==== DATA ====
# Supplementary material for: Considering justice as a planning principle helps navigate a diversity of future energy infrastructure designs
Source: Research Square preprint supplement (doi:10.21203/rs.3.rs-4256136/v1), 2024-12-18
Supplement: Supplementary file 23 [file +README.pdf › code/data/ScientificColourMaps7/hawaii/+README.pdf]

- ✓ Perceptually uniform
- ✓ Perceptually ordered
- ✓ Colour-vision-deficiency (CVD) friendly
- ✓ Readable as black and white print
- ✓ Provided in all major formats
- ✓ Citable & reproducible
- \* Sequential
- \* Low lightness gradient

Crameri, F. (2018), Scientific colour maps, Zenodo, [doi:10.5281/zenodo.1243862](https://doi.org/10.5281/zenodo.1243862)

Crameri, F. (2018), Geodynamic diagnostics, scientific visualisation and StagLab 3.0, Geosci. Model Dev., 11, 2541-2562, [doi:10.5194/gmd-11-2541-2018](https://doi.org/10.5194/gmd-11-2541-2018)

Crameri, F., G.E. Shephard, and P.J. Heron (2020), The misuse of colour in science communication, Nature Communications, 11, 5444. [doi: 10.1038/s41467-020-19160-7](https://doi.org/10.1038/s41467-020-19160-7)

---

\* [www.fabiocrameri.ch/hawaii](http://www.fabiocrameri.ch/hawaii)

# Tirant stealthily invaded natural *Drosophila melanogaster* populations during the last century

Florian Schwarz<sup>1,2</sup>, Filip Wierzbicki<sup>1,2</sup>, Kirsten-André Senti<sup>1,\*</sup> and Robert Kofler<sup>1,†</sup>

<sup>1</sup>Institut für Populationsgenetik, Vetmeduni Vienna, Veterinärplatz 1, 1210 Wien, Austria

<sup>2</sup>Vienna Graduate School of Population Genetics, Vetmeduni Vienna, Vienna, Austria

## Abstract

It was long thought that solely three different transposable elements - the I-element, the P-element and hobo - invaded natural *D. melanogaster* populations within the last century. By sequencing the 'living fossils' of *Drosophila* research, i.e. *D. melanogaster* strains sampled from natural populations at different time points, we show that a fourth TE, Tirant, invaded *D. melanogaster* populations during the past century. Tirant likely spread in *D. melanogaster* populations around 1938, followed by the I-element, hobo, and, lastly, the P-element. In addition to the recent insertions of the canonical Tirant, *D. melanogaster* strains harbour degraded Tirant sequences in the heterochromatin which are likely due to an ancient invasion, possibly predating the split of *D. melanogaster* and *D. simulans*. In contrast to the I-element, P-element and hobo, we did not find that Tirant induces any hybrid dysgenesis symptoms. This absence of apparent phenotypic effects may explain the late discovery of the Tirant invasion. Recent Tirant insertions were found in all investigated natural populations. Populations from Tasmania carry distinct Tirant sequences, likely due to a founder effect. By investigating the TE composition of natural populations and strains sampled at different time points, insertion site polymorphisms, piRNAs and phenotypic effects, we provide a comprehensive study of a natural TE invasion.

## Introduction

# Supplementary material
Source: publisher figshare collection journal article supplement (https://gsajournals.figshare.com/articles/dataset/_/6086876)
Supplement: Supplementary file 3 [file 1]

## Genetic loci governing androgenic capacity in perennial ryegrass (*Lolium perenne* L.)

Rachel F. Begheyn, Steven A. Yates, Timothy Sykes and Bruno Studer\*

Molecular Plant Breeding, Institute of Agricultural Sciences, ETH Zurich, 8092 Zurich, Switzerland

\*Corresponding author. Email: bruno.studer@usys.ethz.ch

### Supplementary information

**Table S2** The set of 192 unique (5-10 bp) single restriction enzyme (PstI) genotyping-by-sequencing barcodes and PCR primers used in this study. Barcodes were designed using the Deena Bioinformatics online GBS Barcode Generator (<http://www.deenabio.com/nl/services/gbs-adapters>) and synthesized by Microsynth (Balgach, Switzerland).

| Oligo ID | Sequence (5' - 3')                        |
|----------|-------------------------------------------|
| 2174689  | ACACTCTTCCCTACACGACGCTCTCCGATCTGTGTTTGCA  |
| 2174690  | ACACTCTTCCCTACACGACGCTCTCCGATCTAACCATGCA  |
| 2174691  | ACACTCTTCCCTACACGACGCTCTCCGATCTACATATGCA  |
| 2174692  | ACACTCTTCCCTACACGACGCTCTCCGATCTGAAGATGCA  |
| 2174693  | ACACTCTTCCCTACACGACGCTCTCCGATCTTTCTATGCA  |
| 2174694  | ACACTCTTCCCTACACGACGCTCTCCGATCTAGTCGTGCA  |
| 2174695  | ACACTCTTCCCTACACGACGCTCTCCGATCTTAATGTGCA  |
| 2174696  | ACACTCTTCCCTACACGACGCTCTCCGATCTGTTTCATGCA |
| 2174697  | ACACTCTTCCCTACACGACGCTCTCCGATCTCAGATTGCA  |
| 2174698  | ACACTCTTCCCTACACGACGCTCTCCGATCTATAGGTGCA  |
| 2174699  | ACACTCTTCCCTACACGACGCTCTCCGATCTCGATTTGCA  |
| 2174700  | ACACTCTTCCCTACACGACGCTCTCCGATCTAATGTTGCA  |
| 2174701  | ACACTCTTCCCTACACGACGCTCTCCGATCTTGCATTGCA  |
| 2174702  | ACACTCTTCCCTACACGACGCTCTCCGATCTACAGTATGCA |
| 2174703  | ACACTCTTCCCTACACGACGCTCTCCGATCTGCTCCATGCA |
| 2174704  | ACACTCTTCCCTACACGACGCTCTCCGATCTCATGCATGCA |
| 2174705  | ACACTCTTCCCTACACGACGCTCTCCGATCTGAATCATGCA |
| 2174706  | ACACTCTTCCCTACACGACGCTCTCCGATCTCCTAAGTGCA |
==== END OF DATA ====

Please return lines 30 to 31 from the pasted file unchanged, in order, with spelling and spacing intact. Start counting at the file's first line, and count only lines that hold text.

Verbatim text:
\*Corresponding author. Email: bruno.studer@usys.ethz.ch

### Supplementary information